A beginner's handbook to building a terrace garden
Expert gardening gyaan, with some help from National Geographic’s One For Change event
It’s no secret that we at Tweak are diehard fans of author, businesswoman, philanthropist, and sari connoisseur, Sudha Murty. She is who we all want to be when we grow up. (Check out her fascinating conversation with Twinkle Khanna for The Icons series here.)
Now, there’s another Murthy — Vani Murthy, with an H — who is fast becoming a contender for the top spot in our hearts after we met her at National Geographic’s One For Change campaign launch event. Murthy, known in environmentalist circles as the compost queen, was a homemaker before becoming a leading advocate for composting, terrace gardening, and bio-enzymes. National Geographic’s initiative ‘One For Change’ spotlights changemakers like Murthy who are making this world more sustainable for us and our future generations. You can watch the short films made about them to know more of their story on the television platforms of National Geographic and the entertainment channels across Disney Star.
In our concrete jungles, we’re always looking for a spot of green to call our own. Murthy, the owner of a sprawling terrace garden in the middle of bustling Bangalore, was happy to part with her gardening secrets. “I started my garden as a way of growing my own food. I’m of the principle that you should grow what you eat and eat what you grow,” she says.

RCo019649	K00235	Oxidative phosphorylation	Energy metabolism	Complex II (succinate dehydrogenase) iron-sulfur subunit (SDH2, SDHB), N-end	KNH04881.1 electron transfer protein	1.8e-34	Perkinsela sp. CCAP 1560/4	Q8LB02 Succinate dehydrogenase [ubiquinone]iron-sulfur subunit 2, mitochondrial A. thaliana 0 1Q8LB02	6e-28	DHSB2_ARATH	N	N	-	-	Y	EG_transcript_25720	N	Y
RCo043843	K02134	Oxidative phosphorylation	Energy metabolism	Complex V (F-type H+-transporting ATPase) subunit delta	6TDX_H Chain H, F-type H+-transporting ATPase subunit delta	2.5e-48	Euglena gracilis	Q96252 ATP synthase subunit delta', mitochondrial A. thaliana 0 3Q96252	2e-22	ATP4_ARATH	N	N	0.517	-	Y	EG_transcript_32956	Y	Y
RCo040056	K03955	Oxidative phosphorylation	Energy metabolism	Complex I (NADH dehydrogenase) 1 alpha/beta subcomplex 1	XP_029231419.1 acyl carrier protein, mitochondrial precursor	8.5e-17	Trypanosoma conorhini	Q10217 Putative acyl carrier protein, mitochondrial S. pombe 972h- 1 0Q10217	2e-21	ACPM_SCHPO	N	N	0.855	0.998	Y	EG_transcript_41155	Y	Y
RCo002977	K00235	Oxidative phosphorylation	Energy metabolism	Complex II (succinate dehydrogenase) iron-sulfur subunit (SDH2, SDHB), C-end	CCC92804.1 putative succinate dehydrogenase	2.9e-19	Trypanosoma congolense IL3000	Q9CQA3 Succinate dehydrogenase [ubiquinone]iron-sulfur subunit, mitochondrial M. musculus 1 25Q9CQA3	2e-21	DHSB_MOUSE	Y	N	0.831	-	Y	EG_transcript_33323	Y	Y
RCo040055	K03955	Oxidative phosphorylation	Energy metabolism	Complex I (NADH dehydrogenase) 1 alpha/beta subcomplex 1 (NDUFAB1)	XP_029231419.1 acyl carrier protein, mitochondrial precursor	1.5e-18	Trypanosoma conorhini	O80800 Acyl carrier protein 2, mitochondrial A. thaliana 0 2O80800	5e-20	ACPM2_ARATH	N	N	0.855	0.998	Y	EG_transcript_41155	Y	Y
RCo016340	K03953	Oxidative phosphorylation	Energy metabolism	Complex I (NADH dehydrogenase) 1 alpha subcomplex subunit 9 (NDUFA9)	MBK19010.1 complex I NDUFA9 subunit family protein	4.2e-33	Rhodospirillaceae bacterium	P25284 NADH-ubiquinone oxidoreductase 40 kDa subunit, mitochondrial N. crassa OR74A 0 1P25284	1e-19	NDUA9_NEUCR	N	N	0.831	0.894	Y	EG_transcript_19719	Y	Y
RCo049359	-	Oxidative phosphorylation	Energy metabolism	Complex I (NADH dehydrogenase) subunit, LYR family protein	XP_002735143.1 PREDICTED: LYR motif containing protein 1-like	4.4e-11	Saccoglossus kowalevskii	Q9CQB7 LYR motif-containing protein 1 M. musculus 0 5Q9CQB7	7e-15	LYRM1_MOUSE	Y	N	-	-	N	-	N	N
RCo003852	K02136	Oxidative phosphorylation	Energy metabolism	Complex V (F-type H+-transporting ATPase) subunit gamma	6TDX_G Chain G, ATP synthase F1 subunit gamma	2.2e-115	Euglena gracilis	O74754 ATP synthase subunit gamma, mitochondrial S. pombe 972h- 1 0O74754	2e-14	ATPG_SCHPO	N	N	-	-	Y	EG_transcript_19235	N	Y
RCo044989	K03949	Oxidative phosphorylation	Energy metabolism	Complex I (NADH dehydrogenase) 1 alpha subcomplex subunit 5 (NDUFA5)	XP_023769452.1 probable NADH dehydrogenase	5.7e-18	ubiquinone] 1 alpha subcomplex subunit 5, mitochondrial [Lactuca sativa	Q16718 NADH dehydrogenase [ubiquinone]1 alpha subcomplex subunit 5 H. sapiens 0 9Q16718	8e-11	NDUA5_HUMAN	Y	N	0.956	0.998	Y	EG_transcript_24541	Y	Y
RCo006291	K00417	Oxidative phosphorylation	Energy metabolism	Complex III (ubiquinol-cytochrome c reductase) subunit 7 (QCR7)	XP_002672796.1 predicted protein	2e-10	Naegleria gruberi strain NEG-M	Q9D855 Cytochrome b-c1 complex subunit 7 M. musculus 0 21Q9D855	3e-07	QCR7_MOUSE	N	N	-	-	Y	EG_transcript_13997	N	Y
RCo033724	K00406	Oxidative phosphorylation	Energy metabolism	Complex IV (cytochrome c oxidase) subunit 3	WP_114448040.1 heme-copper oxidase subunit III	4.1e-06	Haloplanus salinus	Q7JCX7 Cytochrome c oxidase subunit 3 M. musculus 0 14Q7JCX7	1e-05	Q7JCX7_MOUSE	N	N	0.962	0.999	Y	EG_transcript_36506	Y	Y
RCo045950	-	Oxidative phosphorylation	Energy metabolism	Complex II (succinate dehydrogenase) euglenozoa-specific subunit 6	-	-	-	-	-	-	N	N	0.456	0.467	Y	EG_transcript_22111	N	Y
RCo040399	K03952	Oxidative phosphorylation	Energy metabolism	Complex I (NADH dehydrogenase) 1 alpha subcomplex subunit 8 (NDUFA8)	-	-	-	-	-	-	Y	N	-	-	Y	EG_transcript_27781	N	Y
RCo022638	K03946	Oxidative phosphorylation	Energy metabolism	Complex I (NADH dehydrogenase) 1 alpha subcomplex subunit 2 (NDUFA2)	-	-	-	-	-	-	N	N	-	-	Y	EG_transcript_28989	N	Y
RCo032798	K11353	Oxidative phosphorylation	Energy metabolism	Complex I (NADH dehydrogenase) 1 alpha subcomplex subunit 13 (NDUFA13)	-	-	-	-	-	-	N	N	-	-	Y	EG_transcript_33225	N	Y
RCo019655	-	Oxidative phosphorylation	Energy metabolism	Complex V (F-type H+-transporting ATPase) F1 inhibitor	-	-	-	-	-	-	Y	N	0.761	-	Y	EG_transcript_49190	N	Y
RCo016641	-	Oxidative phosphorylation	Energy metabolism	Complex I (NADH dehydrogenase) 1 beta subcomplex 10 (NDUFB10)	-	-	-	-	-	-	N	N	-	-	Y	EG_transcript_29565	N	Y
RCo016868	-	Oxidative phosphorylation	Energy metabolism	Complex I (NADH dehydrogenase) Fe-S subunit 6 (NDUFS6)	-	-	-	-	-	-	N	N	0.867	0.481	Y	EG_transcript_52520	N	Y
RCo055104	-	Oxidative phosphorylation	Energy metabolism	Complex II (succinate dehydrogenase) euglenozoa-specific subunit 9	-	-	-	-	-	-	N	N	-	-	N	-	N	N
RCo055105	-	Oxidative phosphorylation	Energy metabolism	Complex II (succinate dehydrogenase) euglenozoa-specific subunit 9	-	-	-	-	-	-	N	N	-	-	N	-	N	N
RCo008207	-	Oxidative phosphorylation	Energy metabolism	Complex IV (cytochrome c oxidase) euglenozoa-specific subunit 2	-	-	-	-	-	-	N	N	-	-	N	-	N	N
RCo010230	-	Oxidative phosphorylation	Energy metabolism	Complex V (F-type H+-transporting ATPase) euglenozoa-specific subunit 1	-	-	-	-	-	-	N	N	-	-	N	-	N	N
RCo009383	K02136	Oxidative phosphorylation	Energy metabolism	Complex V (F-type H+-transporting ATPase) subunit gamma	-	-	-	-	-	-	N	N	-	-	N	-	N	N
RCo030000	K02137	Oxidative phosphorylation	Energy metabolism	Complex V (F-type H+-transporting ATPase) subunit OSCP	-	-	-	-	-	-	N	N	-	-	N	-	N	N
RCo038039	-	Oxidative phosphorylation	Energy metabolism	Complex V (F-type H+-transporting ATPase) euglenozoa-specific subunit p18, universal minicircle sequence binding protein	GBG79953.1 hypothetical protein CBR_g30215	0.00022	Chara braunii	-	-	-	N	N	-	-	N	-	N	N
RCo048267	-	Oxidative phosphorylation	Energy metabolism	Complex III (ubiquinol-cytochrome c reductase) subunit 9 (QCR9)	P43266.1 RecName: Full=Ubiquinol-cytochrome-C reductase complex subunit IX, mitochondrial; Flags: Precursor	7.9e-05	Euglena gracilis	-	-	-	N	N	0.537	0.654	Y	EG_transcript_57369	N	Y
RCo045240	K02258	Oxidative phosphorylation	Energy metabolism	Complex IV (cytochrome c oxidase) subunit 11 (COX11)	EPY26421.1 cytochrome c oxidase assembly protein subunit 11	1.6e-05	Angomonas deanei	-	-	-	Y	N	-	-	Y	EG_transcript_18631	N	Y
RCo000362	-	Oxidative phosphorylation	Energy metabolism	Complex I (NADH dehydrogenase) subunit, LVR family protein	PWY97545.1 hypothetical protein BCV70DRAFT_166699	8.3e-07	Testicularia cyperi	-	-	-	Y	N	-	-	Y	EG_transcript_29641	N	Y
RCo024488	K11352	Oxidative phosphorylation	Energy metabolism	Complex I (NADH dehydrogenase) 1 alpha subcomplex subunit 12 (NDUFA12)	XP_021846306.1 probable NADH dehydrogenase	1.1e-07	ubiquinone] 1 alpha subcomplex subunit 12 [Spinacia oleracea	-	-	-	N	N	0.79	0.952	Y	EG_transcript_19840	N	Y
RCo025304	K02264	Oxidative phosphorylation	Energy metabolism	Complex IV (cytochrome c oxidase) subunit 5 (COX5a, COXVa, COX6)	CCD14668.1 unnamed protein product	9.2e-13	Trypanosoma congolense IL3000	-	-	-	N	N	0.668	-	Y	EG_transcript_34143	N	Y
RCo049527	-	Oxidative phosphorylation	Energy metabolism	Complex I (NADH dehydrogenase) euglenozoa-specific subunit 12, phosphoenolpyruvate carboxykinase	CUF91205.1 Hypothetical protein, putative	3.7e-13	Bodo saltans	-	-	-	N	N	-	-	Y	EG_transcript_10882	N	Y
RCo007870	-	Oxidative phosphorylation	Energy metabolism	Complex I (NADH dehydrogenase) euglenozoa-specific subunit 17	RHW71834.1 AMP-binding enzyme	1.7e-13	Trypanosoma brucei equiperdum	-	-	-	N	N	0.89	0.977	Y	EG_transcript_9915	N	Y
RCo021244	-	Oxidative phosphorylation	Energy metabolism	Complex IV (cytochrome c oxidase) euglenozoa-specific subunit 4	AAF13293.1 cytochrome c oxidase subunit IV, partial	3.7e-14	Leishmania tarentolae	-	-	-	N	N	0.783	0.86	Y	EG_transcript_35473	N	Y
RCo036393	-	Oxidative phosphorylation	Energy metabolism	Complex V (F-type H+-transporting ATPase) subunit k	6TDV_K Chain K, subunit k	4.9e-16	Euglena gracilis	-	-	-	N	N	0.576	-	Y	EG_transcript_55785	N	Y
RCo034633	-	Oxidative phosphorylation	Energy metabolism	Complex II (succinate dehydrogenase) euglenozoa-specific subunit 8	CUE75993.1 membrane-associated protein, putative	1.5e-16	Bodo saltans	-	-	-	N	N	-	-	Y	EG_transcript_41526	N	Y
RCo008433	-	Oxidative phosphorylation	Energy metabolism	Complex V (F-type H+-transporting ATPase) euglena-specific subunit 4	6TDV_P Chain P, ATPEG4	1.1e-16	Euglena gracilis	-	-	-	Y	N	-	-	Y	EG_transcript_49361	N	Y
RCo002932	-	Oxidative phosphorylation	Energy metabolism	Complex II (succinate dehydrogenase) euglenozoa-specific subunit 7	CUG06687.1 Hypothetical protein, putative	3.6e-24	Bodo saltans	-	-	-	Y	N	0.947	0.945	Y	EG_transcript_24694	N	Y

While this philosophy sounds like a cottagecore fantasy, is it really feasible to keep a proper garden in the hustle of city life? Most of us are intimidated by the time, effort, and skill that gardening requires. But turns out that you can plant exquisite flowers, plump vegetables, delicious fruits, green herbs, or a combination of all on your terrace garden. They not only freshen up your house, but they may also save you a trip to the grocery store, lowering your carbon footprint.
Just like a handful of onion skins eventually grows into a compost pile, these small steps towards an eco-friendly lifestyle can add up to real change. If you’re a gardening enthusiast who wants to get your hands dirty, what better day to start than this Earth Day?
6 Tweak tips to build your terrace garden
Save your seeds